|Sir Gordon Guggisberg KCMG DSO|
20 July 1869|
|Died||21 April 1930
|Commands held||94th Field Company, Royal Engineers
170th (2/1st North Lancashire) Brigade
|Battles/wars||First World War|
|Awards||Knight of the Order of St Michael and St George, Distinguished Service Order, Chevalier of the Legion of Honour|
Brigadier-General Sir Frederick Gordon Guggisberg KCMG DSO (20 July 1869 – 21 April 1930) was a senior Canadian-born British Army officer and British Empire colonial administrator. He published a number of works on military topics and Africa.
Guggisberg was born in Galt, Ontario, Canada, a second-generation descendant of an immigrant from Uetendorf, Canton Bern, Switzerland. He was the eldest son of Frederick Guggisberg, a retail-goods merchant in Galt, and his wife, Dora Louisa Willson.
Moving to England in 1879, Guggisberg was educated at Burney's School, Portsmouth and the Royal Military Academy, Woolwich. He was commissioned into the Royal Engineers in 1889. He served in Singapore from 1893 to 1896, and became instructor in fortification at Woolwich in 1897, where he distinguished himself by reforming the methods and syllabus of instruction. In 1900 he published The Shop: The Story of the Royal Military Academy, and, under the pseudonym "Ubique", Modern Warfare, in 1903.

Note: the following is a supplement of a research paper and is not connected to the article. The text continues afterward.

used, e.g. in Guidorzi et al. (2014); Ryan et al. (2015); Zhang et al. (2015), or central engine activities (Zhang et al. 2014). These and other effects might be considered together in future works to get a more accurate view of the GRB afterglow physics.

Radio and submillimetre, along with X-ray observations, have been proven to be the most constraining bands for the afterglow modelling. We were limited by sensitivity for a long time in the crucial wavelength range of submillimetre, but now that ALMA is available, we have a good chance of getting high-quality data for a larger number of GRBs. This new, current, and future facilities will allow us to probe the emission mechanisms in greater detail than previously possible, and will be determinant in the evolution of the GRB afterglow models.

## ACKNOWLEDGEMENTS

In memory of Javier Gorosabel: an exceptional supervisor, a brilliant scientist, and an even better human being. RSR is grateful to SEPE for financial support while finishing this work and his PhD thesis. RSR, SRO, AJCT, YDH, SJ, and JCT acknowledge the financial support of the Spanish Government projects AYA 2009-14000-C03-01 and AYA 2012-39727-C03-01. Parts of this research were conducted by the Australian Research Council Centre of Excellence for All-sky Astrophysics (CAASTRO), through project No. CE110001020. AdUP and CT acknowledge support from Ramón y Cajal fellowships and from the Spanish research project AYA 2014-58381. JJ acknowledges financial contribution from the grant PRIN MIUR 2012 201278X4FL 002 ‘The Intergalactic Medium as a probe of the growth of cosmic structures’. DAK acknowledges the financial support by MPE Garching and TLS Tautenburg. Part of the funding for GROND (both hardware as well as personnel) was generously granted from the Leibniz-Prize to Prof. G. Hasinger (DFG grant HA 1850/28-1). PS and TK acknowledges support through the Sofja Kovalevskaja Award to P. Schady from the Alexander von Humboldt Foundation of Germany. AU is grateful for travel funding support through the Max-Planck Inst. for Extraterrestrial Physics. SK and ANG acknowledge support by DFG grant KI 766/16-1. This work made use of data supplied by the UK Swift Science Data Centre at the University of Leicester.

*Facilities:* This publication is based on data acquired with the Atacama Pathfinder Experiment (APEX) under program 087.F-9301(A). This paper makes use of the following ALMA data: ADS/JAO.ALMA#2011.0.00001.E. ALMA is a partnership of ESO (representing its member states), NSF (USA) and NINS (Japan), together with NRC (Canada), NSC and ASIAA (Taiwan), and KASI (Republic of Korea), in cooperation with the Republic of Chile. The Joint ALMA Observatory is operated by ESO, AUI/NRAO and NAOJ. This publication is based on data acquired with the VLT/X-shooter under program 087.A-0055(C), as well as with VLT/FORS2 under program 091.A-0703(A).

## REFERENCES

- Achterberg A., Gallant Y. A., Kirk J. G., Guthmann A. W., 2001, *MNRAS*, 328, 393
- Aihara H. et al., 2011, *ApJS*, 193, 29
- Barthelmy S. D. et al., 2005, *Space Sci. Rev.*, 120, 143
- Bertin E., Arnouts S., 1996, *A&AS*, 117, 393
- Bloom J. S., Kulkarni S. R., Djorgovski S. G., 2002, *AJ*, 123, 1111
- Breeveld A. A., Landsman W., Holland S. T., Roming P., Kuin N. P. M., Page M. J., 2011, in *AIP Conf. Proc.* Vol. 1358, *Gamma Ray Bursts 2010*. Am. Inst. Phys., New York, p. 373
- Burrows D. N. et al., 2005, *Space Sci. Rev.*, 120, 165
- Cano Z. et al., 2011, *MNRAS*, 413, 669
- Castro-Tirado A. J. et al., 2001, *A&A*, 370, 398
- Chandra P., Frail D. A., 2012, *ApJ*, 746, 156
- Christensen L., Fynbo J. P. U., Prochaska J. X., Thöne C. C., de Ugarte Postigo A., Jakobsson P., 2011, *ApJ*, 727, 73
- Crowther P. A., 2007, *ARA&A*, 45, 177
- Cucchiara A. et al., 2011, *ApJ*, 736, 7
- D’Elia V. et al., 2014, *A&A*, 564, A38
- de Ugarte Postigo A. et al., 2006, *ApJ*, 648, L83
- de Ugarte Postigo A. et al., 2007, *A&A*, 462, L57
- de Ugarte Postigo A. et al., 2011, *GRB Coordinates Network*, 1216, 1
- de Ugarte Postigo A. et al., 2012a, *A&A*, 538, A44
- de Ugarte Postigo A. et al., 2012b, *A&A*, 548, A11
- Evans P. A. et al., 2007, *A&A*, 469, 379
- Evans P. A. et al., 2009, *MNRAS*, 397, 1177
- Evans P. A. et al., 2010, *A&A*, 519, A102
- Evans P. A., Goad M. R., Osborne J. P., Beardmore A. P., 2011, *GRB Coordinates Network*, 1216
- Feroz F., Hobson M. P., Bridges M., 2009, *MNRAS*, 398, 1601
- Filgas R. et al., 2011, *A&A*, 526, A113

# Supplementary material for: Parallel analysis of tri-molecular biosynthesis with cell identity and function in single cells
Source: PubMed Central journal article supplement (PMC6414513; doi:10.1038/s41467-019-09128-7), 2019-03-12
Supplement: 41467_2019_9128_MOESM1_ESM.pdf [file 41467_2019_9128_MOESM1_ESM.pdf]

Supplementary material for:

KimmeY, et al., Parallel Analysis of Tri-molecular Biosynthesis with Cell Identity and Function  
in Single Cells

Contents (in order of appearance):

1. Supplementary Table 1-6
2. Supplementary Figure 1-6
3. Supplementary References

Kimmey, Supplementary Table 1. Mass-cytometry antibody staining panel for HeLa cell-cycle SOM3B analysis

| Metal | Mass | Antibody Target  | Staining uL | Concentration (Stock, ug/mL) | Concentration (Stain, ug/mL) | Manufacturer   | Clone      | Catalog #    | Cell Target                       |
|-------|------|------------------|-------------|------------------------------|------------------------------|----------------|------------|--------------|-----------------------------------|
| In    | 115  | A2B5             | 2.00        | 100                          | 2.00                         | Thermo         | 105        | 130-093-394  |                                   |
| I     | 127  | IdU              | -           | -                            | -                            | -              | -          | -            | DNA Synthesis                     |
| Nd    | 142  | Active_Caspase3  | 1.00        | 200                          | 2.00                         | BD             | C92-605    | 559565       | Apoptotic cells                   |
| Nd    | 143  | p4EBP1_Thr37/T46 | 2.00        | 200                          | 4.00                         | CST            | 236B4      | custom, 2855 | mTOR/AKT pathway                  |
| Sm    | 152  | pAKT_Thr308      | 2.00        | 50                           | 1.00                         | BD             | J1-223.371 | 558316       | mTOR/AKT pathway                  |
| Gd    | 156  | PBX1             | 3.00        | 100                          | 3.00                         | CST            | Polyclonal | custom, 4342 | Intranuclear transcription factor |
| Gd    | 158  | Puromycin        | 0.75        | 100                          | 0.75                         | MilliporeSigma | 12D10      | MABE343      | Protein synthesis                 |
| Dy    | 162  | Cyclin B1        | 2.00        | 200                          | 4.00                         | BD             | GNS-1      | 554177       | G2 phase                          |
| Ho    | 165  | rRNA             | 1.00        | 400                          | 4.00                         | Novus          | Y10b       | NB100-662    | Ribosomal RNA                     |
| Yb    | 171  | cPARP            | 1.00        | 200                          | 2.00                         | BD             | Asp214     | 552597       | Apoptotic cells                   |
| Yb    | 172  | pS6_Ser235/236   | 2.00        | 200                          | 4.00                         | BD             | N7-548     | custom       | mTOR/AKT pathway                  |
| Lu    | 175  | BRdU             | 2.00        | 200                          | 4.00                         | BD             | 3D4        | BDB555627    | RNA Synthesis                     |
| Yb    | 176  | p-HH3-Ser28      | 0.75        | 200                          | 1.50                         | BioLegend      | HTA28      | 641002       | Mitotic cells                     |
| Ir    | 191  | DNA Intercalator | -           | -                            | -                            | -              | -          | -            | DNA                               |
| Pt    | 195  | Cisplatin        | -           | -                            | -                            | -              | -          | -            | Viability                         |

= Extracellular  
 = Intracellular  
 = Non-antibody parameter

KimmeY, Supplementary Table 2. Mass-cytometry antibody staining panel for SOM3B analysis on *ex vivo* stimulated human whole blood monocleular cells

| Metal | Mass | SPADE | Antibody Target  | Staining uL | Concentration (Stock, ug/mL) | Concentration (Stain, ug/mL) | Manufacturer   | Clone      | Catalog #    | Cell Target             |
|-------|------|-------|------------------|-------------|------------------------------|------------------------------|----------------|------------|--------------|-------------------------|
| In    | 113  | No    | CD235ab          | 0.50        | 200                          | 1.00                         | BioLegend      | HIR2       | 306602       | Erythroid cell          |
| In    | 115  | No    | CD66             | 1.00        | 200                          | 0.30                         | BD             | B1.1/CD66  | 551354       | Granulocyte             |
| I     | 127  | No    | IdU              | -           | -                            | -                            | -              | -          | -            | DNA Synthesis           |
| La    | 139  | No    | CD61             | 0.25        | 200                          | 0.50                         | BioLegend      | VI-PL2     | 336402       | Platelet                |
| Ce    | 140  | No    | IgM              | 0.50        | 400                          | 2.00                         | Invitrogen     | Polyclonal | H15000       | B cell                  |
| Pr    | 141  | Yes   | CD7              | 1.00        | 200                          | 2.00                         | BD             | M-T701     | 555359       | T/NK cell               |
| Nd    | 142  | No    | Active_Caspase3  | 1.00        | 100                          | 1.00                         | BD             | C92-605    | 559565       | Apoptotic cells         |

In 1902 Guggisberg was employed by the Colonial Office on a special survey of the Gold Coast Colony and Ashanti, and in 1905 was appointed director of surveys in that colony. In 1908 he returned to Chatham for regimental work, but in 1910 was appointed director of surveys in Southern Nigeria.
Nigeria gave him full scope for his energies and organisational skills, and he compiled The Handbook of the Southern Nigeria Survey (1911) for the guidance of his assistants. Of this work the director-general of the ordnance survey wrote: